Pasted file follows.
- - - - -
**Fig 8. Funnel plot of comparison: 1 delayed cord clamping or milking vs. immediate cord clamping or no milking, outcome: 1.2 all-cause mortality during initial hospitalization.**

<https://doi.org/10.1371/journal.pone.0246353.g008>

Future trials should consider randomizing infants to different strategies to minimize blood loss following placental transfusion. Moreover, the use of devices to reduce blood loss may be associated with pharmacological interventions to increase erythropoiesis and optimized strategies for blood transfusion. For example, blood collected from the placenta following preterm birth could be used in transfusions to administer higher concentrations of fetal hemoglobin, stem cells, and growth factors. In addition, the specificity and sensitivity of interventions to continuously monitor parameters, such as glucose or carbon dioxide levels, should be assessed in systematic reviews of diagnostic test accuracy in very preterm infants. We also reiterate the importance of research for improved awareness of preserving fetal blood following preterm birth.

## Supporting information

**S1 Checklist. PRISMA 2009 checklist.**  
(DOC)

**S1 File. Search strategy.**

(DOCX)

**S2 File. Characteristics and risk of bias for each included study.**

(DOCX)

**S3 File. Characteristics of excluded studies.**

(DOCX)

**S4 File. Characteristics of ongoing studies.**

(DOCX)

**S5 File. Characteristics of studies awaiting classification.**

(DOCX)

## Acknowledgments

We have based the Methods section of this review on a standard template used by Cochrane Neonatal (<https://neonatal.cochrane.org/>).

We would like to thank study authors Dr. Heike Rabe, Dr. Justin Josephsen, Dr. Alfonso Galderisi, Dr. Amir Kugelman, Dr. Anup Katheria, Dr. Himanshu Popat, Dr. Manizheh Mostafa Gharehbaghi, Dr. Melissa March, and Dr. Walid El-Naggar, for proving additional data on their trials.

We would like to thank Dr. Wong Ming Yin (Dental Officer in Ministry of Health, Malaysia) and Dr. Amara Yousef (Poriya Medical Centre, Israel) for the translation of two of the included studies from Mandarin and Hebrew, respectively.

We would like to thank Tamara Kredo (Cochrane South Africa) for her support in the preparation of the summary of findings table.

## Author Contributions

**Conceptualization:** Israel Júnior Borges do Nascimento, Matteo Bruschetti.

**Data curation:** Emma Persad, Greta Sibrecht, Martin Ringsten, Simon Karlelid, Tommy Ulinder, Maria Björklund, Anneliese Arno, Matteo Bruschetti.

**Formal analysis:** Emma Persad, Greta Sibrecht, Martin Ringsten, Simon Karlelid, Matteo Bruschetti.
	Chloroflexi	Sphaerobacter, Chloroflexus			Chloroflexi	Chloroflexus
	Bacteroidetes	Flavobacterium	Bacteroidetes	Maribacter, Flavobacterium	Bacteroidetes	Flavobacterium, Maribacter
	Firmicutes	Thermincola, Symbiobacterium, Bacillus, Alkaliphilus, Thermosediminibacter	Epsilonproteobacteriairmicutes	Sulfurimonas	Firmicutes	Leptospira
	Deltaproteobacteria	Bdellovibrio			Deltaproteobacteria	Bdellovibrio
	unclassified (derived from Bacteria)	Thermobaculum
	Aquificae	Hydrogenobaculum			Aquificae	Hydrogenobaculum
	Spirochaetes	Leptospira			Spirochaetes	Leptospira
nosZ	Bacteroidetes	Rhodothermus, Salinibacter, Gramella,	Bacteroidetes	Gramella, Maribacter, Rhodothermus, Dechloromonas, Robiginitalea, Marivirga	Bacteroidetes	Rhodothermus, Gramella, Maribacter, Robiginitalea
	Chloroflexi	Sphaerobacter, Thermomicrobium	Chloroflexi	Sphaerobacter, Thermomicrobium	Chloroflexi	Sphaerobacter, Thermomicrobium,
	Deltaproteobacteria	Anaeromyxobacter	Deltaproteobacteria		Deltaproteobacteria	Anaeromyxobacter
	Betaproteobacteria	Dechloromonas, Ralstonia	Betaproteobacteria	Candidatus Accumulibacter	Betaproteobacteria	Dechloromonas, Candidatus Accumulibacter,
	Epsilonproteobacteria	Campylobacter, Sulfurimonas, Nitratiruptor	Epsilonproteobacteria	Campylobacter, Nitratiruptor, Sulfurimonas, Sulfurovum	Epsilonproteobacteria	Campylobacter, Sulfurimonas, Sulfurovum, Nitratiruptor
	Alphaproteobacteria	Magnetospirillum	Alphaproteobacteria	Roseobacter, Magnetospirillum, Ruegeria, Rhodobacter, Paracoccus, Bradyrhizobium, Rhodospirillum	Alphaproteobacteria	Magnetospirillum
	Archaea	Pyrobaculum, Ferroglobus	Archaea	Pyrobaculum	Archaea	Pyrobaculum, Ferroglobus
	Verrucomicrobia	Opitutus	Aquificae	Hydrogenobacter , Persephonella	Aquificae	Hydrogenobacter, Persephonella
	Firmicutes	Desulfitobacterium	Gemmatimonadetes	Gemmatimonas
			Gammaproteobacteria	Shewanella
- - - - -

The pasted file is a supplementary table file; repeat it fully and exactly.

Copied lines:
**Fig 8. Funnel plot of comparison: 1 delayed cord clamping or milking vs. immediate cord clamping or no milking, outcome: 1.2 all-cause mortality during initial hospitalization.**

<https://doi.org/10.1371/journal.pone.0246353.g008>

Future trials should consider randomizing infants to different strategies to minimize blood loss following placental transfusion. Moreover, the use of devices to reduce blood loss may be associated with pharmacological interventions to increase erythropoiesis and optimized strategies for blood transfusion. For example, blood collected from the placenta following preterm birth could be used in transfusions to administer higher concentrations of fetal hemoglobin, stem cells, and growth factors. In addition, the specificity and sensitivity of interventions to continuously monitor parameters, such as glucose or carbon dioxide levels, should be assessed in systematic reviews of diagnostic test accuracy in very preterm infants. We also reiterate the importance of research for improved awareness of preserving fetal blood following preterm birth.

## Supporting information

**S1 Checklist. PRISMA 2009 checklist.**  
(DOC)

**S1 File. Search strategy.**

(DOCX)

**S2 File. Characteristics and risk of bias for each included study.**

(DOCX)

**S3 File. Characteristics of excluded studies.**

(DOCX)

**S4 File. Characteristics of ongoing studies.**

(DOCX)

**S5 File. Characteristics of studies awaiting classification.**

(DOCX)

## Acknowledgments

We have based the Methods section of this review on a standard template used by Cochrane Neonatal (<https://neonatal.cochrane.org/>).

We would like to thank study authors Dr. Heike Rabe, Dr. Justin Josephsen, Dr. Alfonso Galderisi, Dr. Amir Kugelman, Dr. Anup Katheria, Dr. Himanshu Popat, Dr. Manizheh Mostafa Gharehbaghi, Dr. Melissa March, and Dr. Walid El-Naggar, for proving additional data on their trials.

We would like to thank Dr. Wong Ming Yin (Dental Officer in Ministry of Health, Malaysia) and Dr. Amara Yousef (Poriya Medical Centre, Israel) for the translation of two of the included studies from Mandarin and Hebrew, respectively.

We would like to thank Tamara Kredo (Cochrane South Africa) for her support in the preparation of the summary of findings table.

## Author Contributions

**Conceptualization:** Israel Júnior Borges do Nascimento, Matteo Bruschetti.

**Data curation:** Emma Persad, Greta Sibrecht, Martin Ringsten, Simon Karlelid, Tommy Ulinder, Maria Björklund, Anneliese Arno, Matteo Bruschetti.

**Formal analysis:** Emma Persad, Greta Sibrecht, Martin Ringsten, Simon Karlelid, Matteo Bruschetti.
	Chloroflexi	Sphaerobacter, Chloroflexus			Chloroflexi	Chloroflexus
	Bacteroidetes	Flavobacterium	Bacteroidetes	Maribacter, Flavobacterium	Bacteroidetes	Flavobacterium, Maribacter
	Firmicutes	Thermincola, Symbiobacterium, Bacillus, Alkaliphilus, Thermosediminibacter	Epsilonproteobacteriairmicutes	Sulfurimonas	Firmicutes	Leptospira
	Deltaproteobacteria	Bdellovibrio			Deltaproteobacteria	Bdellovibrio
	unclassified (derived from Bacteria)	Thermobaculum
	Aquificae	Hydrogenobaculum			Aquificae	Hydrogenobaculum
	Spirochaetes	Leptospira			Spirochaetes	Leptospira
nosZ	Bacteroidetes	Rhodothermus, Salinibacter, Gramella,	Bacteroidetes	Gramella, Maribacter, Rhodothermus, Dechloromonas, Robiginitalea, Marivirga	Bacteroidetes	Rhodothermus, Gramella, Maribacter, Robiginitalea
	Chloroflexi	Sphaerobacter, Thermomicrobium	Chloroflexi	Sphaerobacter, Thermomicrobium	Chloroflexi	Sphaerobacter, Thermomicrobium,
	Deltaproteobacteria	Anaeromyxobacter	Deltaproteobacteria		Deltaproteobacteria	Anaeromyxobacter
	Betaproteobacteria	Dechloromonas, Ralstonia	Betaproteobacteria	Candidatus Accumulibacter	Betaproteobacteria	Dechloromonas, Candidatus Accumulibacter,
	Epsilonproteobacteria	Campylobacter, Sulfurimonas, Nitratiruptor	Epsilonproteobacteria	Campylobacter, Nitratiruptor, Sulfurimonas, Sulfurovum	Epsilonproteobacteria	Campylobacter, Sulfurimonas, Sulfurovum, Nitratiruptor
	Alphaproteobacteria	Magnetospirillum	Alphaproteobacteria	Roseobacter, Magnetospirillum, Ruegeria, Rhodobacter, Paracoccus, Bradyrhizobium, Rhodospirillum	Alphaproteobacteria	Magnetospirillum
	Archaea	Pyrobaculum, Ferroglobus	Archaea	Pyrobaculum	Archaea	Pyrobaculum, Ferroglobus
	Verrucomicrobia	Opitutus	Aquificae	Hydrogenobacter , Persephonella	Aquificae	Hydrogenobacter, Persephonella
	Firmicutes	Desulfitobacterium	Gemmatimonadetes	Gemmatimonas
			Gammaproteobacteria	Shewanella